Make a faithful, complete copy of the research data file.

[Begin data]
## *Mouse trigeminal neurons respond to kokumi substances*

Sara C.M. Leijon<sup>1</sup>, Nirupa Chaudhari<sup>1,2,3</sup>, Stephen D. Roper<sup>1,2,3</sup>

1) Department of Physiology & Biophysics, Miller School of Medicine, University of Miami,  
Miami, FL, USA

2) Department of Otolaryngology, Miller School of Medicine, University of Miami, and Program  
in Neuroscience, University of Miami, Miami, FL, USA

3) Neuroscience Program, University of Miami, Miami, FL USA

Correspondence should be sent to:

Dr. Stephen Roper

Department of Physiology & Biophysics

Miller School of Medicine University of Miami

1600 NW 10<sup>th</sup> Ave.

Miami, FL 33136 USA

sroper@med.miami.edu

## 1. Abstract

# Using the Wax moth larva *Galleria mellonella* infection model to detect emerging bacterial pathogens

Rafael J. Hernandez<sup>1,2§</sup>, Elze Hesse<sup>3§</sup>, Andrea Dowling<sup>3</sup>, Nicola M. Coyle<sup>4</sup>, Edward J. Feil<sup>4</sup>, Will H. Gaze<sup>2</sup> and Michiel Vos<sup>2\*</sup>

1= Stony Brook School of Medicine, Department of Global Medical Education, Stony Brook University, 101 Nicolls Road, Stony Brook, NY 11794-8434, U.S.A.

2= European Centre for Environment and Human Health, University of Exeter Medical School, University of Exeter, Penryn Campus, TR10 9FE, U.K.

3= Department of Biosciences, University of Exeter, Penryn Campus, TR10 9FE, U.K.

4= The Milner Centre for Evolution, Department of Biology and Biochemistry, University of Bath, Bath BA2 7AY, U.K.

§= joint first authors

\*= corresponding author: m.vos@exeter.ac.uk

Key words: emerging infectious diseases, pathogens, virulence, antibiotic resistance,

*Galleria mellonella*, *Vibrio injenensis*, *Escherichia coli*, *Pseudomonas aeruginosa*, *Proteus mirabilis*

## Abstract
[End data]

## *Mouse trigeminal neurons respond to kokumi substances*

Sara C.M. Leijon<sup>1</sup>, Nirupa Chaudhari<sup>1,2,3</sup>, Stephen D. Roper<sup>1,2,3</sup>

1) Department of Physiology & Biophysics, Miller School of Medicine, University of Miami,  
Miami, FL, USA

2) Department of Otolaryngology, Miller School of Medicine, University of Miami, and Program  
in Neuroscience, University of Miami, Miami, FL, USA

3) Neuroscience Program, University of Miami, Miami, FL USA

Correspondence should be sent to:

Dr. Stephen Roper

Department of Physiology & Biophysics

Miller School of Medicine University of Miami

1600 NW 10<sup>th</sup> Ave.

Miami, FL 33136 USA

sroper@med.miami.edu

## 1. Abstract

# Using the Wax moth larva *Galleria mellonella* infection model to detect emerging bacterial pathogens

Rafael J. Hernandez<sup>1,2§</sup>, Elze Hesse<sup>3§</sup>, Andrea Dowling<sup>3</sup>, Nicola M. Coyle<sup>4</sup>, Edward J. Feil<sup>4</sup>, Will H. Gaze<sup>2</sup> and Michiel Vos<sup>2\*</sup>

1= Stony Brook School of Medicine, Department of Global Medical Education, Stony Brook University, 101 Nicolls Road, Stony Brook, NY 11794-8434, U.S.A.

2= European Centre for Environment and Human Health, University of Exeter Medical School, University of Exeter, Penryn Campus, TR10 9FE, U.K.

3= Department of Biosciences, University of Exeter, Penryn Campus, TR10 9FE, U.K.

4= The Milner Centre for Evolution, Department of Biology and Biochemistry, University of Bath, Bath BA2 7AY, U.K.

§= joint first authors

\*= corresponding author: m.vos@exeter.ac.uk

Key words: emerging infectious diseases, pathogens, virulence, antibiotic resistance,

*Galleria mellonella*, *Vibrio injenensis*, *Escherichia coli*, *Pseudomonas aeruginosa*, *Proteus mirabilis*

## Abstract